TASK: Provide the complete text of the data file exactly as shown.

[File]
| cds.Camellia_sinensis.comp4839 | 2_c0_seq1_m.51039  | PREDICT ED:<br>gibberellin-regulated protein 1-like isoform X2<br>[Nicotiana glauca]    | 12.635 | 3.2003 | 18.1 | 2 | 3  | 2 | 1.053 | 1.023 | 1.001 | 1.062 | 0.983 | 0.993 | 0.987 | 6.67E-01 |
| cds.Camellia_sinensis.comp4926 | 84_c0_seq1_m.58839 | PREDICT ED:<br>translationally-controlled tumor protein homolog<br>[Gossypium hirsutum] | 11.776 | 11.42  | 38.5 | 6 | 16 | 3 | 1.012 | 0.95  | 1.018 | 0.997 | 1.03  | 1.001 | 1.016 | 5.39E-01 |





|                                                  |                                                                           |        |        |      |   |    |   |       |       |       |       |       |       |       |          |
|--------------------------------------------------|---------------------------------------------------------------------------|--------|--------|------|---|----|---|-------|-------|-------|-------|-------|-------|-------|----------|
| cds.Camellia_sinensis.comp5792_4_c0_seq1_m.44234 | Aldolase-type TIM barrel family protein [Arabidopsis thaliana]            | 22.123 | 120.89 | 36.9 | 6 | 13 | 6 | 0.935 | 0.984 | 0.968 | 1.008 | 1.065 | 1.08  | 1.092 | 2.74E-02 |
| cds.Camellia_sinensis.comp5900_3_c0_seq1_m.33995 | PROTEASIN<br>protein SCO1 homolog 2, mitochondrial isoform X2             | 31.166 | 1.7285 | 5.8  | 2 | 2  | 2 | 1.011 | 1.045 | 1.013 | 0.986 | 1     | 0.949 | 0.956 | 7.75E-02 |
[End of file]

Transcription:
| cds.Camellia_sinensis.comp4839 | 2_c0_seq1_m.51039  | PREDICT ED:<br>gibberellin-regulated protein 1-like isoform X2<br>[Nicotiana glauca]    | 12.635 | 3.2003 | 18.1 | 2 | 3  | 2 | 1.053 | 1.023 | 1.001 | 1.062 | 0.983 | 0.993 | 0.987 | 6.67E-01 |
| cds.Camellia_sinensis.comp4926 | 84_c0_seq1_m.58839 | PREDICT ED:<br>translationally-controlled tumor protein homolog<br>[Gossypium hirsutum] | 11.776 | 11.42  | 38.5 | 6 | 16 | 3 | 1.012 | 0.95  | 1.018 | 0.997 | 1.03  | 1.001 | 1.016 | 5.39E-01 |





|                                                  |                                                                           |        |        |      |   |    |   |       |       |       |       |       |       |       |          |
|--------------------------------------------------|---------------------------------------------------------------------------|--------|--------|------|---|----|---|-------|-------|-------|-------|-------|-------|-------|----------|
| cds.Camellia_sinensis.comp5792_4_c0_seq1_m.44234 | Aldolase-type TIM barrel family protein [Arabidopsis thaliana]            | 22.123 | 120.89 | 36.9 | 6 | 13 | 6 | 0.935 | 0.984 | 0.968 | 1.008 | 1.065 | 1.08  | 1.092 | 2.74E-02 |
| cds.Camellia_sinensis.comp5900_3_c0_seq1_m.33995 | PROTEASIN<br>protein SCO1 homolog 2, mitochondrial isoform X2             | 31.166 | 1.7285 | 5.8  | 2 | 2  | 2 | 1.011 | 1.045 | 1.013 | 0.986 | 1     | 0.949 | 0.956 | 7.75E-02 |